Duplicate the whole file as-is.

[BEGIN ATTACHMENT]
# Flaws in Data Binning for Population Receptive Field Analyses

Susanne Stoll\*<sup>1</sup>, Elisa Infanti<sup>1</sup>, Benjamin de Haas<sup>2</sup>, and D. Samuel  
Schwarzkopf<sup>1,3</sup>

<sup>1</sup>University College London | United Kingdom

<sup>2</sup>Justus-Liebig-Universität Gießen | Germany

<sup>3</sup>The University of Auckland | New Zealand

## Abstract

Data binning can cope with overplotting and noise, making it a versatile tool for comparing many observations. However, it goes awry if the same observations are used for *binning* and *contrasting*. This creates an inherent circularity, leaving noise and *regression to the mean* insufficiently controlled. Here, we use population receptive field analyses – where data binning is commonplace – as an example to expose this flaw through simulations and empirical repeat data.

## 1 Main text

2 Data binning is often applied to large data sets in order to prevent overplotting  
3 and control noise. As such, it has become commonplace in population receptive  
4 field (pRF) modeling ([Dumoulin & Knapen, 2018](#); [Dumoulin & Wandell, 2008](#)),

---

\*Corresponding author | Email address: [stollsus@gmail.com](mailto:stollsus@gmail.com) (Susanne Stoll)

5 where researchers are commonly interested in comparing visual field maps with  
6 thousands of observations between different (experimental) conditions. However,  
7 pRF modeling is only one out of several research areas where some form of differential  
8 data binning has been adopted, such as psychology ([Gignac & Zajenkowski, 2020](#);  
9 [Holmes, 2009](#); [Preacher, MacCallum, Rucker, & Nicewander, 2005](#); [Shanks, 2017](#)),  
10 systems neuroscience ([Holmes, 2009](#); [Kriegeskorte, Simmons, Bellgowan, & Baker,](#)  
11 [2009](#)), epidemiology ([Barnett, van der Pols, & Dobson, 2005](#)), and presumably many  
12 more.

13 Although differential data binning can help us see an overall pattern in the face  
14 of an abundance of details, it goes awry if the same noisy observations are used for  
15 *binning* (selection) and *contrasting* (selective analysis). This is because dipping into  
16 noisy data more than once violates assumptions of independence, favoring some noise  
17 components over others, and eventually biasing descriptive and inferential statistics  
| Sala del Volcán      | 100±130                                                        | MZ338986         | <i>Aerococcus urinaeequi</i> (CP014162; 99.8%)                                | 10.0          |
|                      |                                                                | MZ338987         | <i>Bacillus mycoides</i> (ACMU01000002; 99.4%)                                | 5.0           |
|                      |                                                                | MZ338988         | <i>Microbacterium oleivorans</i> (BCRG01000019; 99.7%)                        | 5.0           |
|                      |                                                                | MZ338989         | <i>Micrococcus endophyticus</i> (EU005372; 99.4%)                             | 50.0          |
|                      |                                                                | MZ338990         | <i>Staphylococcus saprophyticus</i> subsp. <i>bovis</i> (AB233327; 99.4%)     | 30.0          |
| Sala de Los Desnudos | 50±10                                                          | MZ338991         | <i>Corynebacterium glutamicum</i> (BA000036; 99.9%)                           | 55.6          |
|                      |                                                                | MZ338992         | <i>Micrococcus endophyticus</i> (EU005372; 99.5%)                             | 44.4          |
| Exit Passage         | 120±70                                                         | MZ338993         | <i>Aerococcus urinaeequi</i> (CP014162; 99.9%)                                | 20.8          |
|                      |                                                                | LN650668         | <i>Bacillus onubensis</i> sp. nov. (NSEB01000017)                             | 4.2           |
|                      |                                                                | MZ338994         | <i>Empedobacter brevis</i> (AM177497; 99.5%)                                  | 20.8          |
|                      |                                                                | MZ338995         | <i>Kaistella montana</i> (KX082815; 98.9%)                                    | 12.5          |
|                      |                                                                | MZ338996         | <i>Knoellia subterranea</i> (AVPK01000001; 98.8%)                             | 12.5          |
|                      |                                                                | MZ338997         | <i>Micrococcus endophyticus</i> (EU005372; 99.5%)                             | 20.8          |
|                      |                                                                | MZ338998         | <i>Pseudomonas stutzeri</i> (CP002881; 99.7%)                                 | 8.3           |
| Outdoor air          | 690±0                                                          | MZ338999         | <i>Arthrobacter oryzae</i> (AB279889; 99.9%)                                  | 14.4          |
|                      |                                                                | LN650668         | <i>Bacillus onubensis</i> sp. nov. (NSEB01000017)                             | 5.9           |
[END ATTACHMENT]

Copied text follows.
# Flaws in Data Binning for Population Receptive Field Analyses

Susanne Stoll\*<sup>1</sup>, Elisa Infanti<sup>1</sup>, Benjamin de Haas<sup>2</sup>, and D. Samuel  
Schwarzkopf<sup>1,3</sup>

<sup>1</sup>University College London | United Kingdom

<sup>2</sup>Justus-Liebig-Universität Gießen | Germany

<sup>3</sup>The University of Auckland | New Zealand

## Abstract

Data binning can cope with overplotting and noise, making it a versatile tool for comparing many observations. However, it goes awry if the same observations are used for *binning* and *contrasting*. This creates an inherent circularity, leaving noise and *regression to the mean* insufficiently controlled. Here, we use population receptive field analyses – where data binning is commonplace – as an example to expose this flaw through simulations and empirical repeat data.

## 1 Main text

2 Data binning is often applied to large data sets in order to prevent overplotting  
3 and control noise. As such, it has become commonplace in population receptive  
4 field (pRF) modeling ([Dumoulin & Knapen, 2018](#); [Dumoulin & Wandell, 2008](#)),

---

\*Corresponding author | Email address: [stollsus@gmail.com](mailto:stollsus@gmail.com) (Susanne Stoll)

5 where researchers are commonly interested in comparing visual field maps with  
6 thousands of observations between different (experimental) conditions. However,  
7 pRF modeling is only one out of several research areas where some form of differential  
8 data binning has been adopted, such as psychology ([Gignac & Zajenkowski, 2020](#);  
9 [Holmes, 2009](#); [Preacher, MacCallum, Rucker, & Nicewander, 2005](#); [Shanks, 2017](#)),  
10 systems neuroscience ([Holmes, 2009](#); [Kriegeskorte, Simmons, Bellgowan, & Baker,](#)  
11 [2009](#)), epidemiology ([Barnett, van der Pols, & Dobson, 2005](#)), and presumably many  
12 more.

13 Although differential data binning can help us see an overall pattern in the face  
14 of an abundance of details, it goes awry if the same noisy observations are used for  
15 *binning* (selection) and *contrasting* (selective analysis). This is because dipping into  
16 noisy data more than once violates assumptions of independence, favoring some noise  
17 components over others, and eventually biasing descriptive and inferential statistics  
| Sala del Volcán      | 100±130                                                        | MZ338986         | <i>Aerococcus urinaeequi</i> (CP014162; 99.8%)                                | 10.0          |
|                      |                                                                | MZ338987         | <i>Bacillus mycoides</i> (ACMU01000002; 99.4%)                                | 5.0           |
|                      |                                                                | MZ338988         | <i>Microbacterium oleivorans</i> (BCRG01000019; 99.7%)                        | 5.0           |
|                      |                                                                | MZ338989         | <i>Micrococcus endophyticus</i> (EU005372; 99.4%)                             | 50.0          |
|                      |                                                                | MZ338990         | <i>Staphylococcus saprophyticus</i> subsp. <i>bovis</i> (AB233327; 99.4%)     | 30.0          |
| Sala de Los Desnudos | 50±10                                                          | MZ338991         | <i>Corynebacterium glutamicum</i> (BA000036; 99.9%)                           | 55.6          |
|                      |                                                                | MZ338992         | <i>Micrococcus endophyticus</i> (EU005372; 99.5%)                             | 44.4          |
| Exit Passage         | 120±70                                                         | MZ338993         | <i>Aerococcus urinaeequi</i> (CP014162; 99.9%)                                | 20.8          |
|                      |                                                                | LN650668         | <i>Bacillus onubensis</i> sp. nov. (NSEB01000017)                             | 4.2           |
|                      |                                                                | MZ338994         | <i>Empedobacter brevis</i> (AM177497; 99.5%)                                  | 20.8          |
|                      |                                                                | MZ338995         | <i>Kaistella montana</i> (KX082815; 98.9%)                                    | 12.5          |
|                      |                                                                | MZ338996         | <i>Knoellia subterranea</i> (AVPK01000001; 98.8%)                             | 12.5          |
|                      |                                                                | MZ338997         | <i>Micrococcus endophyticus</i> (EU005372; 99.5%)                             | 20.8          |
|                      |                                                                | MZ338998         | <i>Pseudomonas stutzeri</i> (CP002881; 99.7%)                                 | 8.3           |
| Outdoor air          | 690±0                                                          | MZ338999         | <i>Arthrobacter oryzae</i> (AB279889; 99.9%)                                  | 14.4          |
|                      |                                                                | LN650668         | <i>Bacillus onubensis</i> sp. nov. (NSEB01000017)                             | 5.9           |